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Protests by German farmers over cuts to subsidies have caused widespread travel disruption across Germany and exposed the depth of public discontent with Olaf Scholz’s coalition government.
Columns of tractors moved through German cities while farmers’ convoys blocked motorway access roads, in a show of strength that alarmed ministers and caused headaches for millions of commuters.
The farmers’ “week of action” comes with polls showing increasing popular disenchantment with Scholz’s government and frustration over its handling of Germany’s stagnant economy.
Approval ratings for its three constituent parties, Scholz’s Social Democrats, the Greens and liberals, have plunged while those for the extreme rightwing Alternative for Germany are soaring.
The immediate trigger for the protests was a government decision last month to plug a hole in the budget by cutting subsidies for farmers. Ministers cut an exemption from car tax for agricultural vehicles and removed tax breaks for diesel fuel used in agriculture.
After a huge outcry, they rowed back, agreeing to phase in the diesel measure over a three-year period, while keeping the move on car tax in place. But farming unions said the concessions didn’t go far enough.
Frank Schmidt, a farmer from Prignitz, north-west of Berlin, said the move on subsidies was the “straw that broke the camel’s back”. Farmers, he said, were already being “driven to distraction” by a massive increase in bureaucracy and by stricter rules on environmental stewardship and animal welfare.
“All the joy I used to feel in this job is now out the window,” he said. “We’re at the end of our tether.”
Ministers have warned that rightwing extremists seeking to bring down the government were piggybacking on the farmers’ protests, in a way that threatened Germany’s democratic institutions.
“Appeals are circulating with fantasies of revolution,” said Robert Habeck, the economy minister and deputy chancellor. “Extremist groups are being formed, ethno-nationalist symbols are being openly shown.”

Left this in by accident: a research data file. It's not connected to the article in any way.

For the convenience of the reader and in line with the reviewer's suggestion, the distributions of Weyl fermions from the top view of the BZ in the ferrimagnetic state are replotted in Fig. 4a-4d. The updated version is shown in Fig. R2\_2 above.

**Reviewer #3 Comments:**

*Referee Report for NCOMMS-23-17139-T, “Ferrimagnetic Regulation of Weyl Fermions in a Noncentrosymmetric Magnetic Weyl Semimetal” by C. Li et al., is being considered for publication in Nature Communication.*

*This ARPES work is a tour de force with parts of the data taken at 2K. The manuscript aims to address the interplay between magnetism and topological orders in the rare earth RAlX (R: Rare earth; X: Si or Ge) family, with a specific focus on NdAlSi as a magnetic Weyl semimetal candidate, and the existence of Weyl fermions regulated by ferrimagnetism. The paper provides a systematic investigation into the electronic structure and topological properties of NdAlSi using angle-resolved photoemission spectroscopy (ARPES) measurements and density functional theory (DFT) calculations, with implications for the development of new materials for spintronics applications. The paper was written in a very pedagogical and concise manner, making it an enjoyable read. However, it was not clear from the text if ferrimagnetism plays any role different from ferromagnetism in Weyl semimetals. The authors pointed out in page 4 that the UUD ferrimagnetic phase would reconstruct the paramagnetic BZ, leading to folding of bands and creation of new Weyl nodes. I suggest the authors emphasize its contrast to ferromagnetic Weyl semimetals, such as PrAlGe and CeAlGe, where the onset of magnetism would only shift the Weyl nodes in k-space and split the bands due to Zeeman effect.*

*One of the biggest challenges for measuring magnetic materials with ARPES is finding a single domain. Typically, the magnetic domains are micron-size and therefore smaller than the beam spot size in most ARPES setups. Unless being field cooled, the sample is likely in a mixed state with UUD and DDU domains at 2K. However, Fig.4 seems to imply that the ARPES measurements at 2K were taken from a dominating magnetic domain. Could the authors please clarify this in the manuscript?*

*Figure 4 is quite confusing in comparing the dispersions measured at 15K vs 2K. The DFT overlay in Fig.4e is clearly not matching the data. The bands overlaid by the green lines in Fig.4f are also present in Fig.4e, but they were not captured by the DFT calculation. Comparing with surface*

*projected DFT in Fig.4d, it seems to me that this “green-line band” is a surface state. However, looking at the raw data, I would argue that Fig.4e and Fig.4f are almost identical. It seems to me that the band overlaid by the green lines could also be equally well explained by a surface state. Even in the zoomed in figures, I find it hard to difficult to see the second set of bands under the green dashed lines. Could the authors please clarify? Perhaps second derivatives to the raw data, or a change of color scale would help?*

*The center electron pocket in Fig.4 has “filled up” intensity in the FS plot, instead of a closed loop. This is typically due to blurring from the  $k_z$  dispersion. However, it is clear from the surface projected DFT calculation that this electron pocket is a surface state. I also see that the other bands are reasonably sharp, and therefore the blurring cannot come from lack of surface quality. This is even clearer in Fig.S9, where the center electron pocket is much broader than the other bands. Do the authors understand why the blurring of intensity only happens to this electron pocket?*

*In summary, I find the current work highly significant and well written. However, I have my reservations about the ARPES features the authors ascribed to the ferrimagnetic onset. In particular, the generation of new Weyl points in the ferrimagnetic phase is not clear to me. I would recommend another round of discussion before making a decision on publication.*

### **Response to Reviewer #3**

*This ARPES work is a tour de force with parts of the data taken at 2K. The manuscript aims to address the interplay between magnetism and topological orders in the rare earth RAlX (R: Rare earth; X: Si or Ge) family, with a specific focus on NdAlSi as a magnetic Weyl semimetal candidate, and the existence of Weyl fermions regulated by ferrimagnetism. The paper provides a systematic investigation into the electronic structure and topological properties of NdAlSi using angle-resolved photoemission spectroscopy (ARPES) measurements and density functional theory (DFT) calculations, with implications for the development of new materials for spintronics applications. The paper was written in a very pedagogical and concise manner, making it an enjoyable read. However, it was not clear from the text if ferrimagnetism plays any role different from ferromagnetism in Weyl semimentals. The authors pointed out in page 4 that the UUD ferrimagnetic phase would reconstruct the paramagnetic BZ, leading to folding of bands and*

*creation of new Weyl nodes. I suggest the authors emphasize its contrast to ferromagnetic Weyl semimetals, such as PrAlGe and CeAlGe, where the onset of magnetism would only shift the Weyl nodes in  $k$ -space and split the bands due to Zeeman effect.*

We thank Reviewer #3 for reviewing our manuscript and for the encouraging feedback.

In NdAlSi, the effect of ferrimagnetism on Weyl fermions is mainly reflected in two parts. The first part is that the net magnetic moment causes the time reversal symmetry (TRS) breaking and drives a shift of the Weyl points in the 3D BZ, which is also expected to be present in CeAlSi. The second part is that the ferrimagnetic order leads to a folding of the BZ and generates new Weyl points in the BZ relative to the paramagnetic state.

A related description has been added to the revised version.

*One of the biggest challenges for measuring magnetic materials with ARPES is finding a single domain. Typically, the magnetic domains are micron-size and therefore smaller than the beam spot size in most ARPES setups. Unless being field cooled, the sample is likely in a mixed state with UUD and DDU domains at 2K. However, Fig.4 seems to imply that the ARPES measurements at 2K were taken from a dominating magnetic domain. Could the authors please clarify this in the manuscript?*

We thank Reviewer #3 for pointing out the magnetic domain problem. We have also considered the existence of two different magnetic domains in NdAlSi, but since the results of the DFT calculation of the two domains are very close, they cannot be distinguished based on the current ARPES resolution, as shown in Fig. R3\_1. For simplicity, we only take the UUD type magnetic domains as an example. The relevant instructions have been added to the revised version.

Habeck is himself a casualty of the farmers’ growing militancy. Last Thursday, protesters prevented him from disembarking from a ferry after a family holiday on the North Sea island of Hooge. Some of them tried to board the ferry, but were held back by police using pepper spray.
After that incident Germany’s national farmers’ union called on its members to show restraint, and to refrain from protests outside the private homes of politicians and from incitement against individuals. “We are a democratic organisation and we stand by the German constitution,” union chief Joachim Rukwied said.
Schmidt was one of hundreds of farmers who parked their tractors by the Brandenburg Gate, Berlin’s most famous landmark, on Sunday evening. Police said that by mid-morning, some 566 tractors, lorries, cars and trailers blocked 17th June Street, one of the capital’s main thoroughfares.
The vehicles carried placards with slogans such as: “No Farmer, No Future”, and “Don’t bite the hand that feeds you”. Another protester said farmers were not demonstrating for a four-day week or €2 an hour more pay — “We’re fighting for our very existence!”
They were joined by road hauliers protesting against an increase in road tolls for heavy-goods vehicles, as well as small-business owners complaining of soaring energy costs and stubbornly high inflation.
Farmers say they have been squeezed by higher bills for petrol, diesel, gas and electricity on the one hand and lower wholesale prices for products such as milk on the other. Rukwied told ZDF TV that German farmers faced higher taxes and a higher minimum wage than their counterparts in other EU countries.
“It’s about the future of farming families, and food security for our population, the question of whether we will continue to produce food domestically,” he said.
Ministers have expressed some sympathy for the farmer’s concerns. In a video on X, the social media platform, Habeck said they were under “enormous economic pressure, price pressure from the discounters, the big abattoirs and dairy plants and the fluctuating global market”. They also had a “structural problem” in that they couldn’t simply pass on their higher input costs to customers, he said.
But there was also criticism of the farmers’ tactics. “Whoever prevents people from getting to work, to school or to the doctor, is just going to trigger anger and disbelief,” said Nancy Faeser, interior minister. “Legitimate protest ends where other people’s rights are infringed.”
More transport disruption looms later in the week when the GDL, the train drivers’ union, starts a national strike. Deutsche Bahn is seeking a temporary injunction against the strike at a labour court in Frankfurt.
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